What if God had decided not to give us free will?
In Romans 1, we see that God is known to everyone:
20 For since the creation of the world God’s invisible qualities—his eternal power and divine nature—have been clearly seen, being understood from what has been made, so that people are without excuse.
Looking around, we can see God’s handywork all around us. We are without excuse. However, those that wish to embrace that which was created versus the Creator have a choice.
21 For although they knew God, they neither glorified him as God nor gave thanks to him, but their thinking became futile and their foolish hearts were darkened. 22 Although they claimed to be wise, they became fools 23 and exchanged the glory of the immortal God for images made to look like a mortal human being and birds and animals and reptiles.
What is crazy, is that their choice leads to sin and eventually death:
32 Although they know God’s righteous decree that those who do such things deserve death, they not only continue to do these very things but also approve of those who practice them.
I am proud to serve a Creator that lets me choose my own choices in this life. One that will forgive me for all the Sims I left stranded in the pool. He is the ultimate executive producer in that He holds nothing back and freely gave of His own son so that we may spend eternity with Him. God doesn’t care about what the crowd thinks, He cares for you and me.
In a clever attempt at marketing, hype, and product synergy for the upcoming Dragon Age: Origins, EA 2D has created a browser-based tactical RPG by the name of Dragon Age: Journeys. Divided into chapter installments, subtitled The Deep Roads, the free-to-play RPG will serve as an introduction to the world of Dragon Age: Origins. This time killer will be available October 2009.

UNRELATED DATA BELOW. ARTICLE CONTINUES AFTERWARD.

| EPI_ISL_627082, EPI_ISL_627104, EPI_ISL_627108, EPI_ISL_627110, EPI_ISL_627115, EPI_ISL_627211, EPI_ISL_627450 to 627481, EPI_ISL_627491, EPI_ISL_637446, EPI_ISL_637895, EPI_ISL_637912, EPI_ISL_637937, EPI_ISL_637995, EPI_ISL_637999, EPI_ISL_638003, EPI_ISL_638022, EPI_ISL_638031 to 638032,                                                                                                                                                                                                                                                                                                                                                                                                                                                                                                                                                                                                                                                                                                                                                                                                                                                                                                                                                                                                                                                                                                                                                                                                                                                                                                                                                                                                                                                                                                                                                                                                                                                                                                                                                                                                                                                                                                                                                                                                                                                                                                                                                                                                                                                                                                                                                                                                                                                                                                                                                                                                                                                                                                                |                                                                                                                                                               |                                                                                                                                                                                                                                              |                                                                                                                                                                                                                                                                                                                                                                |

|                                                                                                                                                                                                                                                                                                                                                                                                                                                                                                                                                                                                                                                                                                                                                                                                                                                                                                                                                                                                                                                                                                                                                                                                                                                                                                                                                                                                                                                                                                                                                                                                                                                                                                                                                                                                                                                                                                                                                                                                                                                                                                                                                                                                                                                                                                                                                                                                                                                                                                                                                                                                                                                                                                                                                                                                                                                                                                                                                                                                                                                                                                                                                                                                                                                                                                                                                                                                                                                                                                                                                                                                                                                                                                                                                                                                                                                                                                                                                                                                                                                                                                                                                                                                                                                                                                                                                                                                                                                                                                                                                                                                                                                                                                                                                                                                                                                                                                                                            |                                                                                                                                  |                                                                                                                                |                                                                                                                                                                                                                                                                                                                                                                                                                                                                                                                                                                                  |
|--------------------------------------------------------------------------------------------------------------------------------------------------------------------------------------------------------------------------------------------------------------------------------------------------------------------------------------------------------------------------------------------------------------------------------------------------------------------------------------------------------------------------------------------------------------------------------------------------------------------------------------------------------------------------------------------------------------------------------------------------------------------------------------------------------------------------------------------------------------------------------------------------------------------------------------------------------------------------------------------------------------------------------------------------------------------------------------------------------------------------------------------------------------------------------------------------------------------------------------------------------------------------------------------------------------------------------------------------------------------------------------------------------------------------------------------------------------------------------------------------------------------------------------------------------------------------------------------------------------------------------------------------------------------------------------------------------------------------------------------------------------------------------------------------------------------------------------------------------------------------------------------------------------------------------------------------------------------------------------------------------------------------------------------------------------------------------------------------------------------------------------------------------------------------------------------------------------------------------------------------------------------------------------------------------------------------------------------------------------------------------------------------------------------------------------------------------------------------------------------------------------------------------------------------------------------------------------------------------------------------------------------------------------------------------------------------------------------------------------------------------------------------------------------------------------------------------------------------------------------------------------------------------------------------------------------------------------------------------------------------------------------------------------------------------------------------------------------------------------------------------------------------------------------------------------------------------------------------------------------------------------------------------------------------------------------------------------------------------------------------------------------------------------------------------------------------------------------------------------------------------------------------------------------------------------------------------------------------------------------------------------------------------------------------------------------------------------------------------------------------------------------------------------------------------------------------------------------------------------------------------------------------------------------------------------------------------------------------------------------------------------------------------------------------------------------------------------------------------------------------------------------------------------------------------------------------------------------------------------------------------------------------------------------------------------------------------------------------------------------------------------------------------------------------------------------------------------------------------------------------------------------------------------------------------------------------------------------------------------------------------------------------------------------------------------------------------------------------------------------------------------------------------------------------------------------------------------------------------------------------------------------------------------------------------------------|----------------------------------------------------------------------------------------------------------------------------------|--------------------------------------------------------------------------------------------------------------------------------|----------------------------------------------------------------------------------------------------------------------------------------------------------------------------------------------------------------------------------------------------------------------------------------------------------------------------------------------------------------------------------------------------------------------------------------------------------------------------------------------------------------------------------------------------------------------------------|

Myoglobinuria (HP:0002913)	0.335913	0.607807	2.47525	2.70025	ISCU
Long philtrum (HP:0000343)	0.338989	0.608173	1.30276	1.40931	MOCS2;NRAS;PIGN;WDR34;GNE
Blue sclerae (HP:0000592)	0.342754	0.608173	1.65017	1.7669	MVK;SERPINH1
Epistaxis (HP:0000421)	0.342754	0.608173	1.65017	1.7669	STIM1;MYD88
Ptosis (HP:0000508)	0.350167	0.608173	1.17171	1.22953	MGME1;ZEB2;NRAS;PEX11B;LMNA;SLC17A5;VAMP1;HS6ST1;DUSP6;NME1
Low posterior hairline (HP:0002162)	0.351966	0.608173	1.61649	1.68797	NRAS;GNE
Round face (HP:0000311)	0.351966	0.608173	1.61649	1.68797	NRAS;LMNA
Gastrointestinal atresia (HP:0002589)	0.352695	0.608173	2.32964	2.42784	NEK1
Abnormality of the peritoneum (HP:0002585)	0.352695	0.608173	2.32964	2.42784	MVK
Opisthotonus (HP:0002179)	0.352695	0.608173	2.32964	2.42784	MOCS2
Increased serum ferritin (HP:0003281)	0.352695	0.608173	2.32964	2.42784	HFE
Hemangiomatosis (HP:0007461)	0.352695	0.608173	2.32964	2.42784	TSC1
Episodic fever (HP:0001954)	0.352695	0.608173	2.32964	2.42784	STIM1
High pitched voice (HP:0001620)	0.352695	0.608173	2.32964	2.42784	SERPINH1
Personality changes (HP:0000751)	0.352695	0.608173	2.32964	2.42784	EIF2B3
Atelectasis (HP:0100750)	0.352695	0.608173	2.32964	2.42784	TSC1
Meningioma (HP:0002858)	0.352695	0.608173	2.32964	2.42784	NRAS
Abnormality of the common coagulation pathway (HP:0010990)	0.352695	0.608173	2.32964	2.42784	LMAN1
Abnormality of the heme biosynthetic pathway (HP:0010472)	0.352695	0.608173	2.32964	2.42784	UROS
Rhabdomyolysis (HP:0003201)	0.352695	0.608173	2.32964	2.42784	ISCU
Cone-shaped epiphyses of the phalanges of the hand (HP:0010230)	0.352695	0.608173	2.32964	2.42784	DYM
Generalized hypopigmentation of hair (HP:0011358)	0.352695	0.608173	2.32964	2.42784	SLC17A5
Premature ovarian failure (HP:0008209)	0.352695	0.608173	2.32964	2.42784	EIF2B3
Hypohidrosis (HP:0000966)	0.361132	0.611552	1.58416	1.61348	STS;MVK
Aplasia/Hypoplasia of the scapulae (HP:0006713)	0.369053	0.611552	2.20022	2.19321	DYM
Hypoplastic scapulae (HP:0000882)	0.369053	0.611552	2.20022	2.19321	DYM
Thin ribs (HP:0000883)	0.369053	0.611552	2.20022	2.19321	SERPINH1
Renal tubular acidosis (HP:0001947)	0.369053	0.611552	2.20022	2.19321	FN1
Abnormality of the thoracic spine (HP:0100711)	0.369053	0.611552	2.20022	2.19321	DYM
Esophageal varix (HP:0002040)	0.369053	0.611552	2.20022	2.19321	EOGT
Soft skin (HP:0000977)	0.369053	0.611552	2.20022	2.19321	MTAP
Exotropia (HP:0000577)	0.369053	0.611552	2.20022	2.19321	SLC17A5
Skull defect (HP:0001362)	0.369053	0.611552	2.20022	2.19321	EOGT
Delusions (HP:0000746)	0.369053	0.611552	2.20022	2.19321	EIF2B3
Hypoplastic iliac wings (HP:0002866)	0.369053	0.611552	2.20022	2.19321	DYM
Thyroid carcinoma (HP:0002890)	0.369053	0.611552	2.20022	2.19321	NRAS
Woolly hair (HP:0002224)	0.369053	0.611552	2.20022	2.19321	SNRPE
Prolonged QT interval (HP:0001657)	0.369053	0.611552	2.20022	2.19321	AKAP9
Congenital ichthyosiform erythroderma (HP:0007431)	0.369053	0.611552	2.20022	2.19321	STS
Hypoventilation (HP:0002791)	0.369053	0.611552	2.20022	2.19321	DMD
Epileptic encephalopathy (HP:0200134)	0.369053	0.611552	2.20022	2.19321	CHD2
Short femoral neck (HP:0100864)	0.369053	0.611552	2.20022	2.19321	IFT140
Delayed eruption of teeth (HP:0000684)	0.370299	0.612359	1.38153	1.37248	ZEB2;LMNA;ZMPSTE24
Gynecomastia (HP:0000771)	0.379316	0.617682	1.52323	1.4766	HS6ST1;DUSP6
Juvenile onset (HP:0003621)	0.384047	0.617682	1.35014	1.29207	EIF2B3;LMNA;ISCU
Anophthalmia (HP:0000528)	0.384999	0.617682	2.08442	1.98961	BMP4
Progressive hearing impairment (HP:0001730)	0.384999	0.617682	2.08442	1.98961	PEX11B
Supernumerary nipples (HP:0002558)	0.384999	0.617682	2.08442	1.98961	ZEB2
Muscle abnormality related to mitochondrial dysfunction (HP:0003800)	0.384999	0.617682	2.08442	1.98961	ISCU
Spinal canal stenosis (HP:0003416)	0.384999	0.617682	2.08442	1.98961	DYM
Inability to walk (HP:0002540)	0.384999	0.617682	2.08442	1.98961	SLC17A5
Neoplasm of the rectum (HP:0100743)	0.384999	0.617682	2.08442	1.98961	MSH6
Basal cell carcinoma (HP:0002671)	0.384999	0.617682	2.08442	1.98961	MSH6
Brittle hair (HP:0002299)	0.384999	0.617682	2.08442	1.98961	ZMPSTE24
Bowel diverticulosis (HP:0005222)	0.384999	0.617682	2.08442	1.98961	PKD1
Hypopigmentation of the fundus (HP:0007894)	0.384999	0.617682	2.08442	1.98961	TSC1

The age of the dragon is but a click away.
Today we have important news to share with the community. EA is restructuring its RPG and MMO games development into a new group that includes both Mythic and BioWare. This newly formed team will be led by Ray Muzyka, co-founder and General Manager of BioWare. With this change, Ray becomes Group General Manager of the new RPG/MMO studio group. BioWare’s other co-founder, Greg Zeschuk will become Group Creative Officer for the new RPG/MMO studio group. Rob Denton will step up as General Manager of Mythic and report to Ray. BioWare’s studios remain unchanged and continue to report to Ray.
Mark Jacobs, current General Manager of Mythic will leave EA on June 23, 2009. We thank Mark for his contributions at Mythic and wish him the very best going forward. Mark played a major part in the success of Mythic with his contribution as General Manager and Lead Designer of WAR.
Mythic retains a strong team led by Rob who co-founded Mythic in 1995. Rob played a critical role in the development of Dark Age of Camelot. In his previous role as COO, he was responsible for all day-to-day management of the studio including all development, operations and support.
Please join us in celebrating the union of these two award-winning studios.
(As posted in the Warhammer Herald)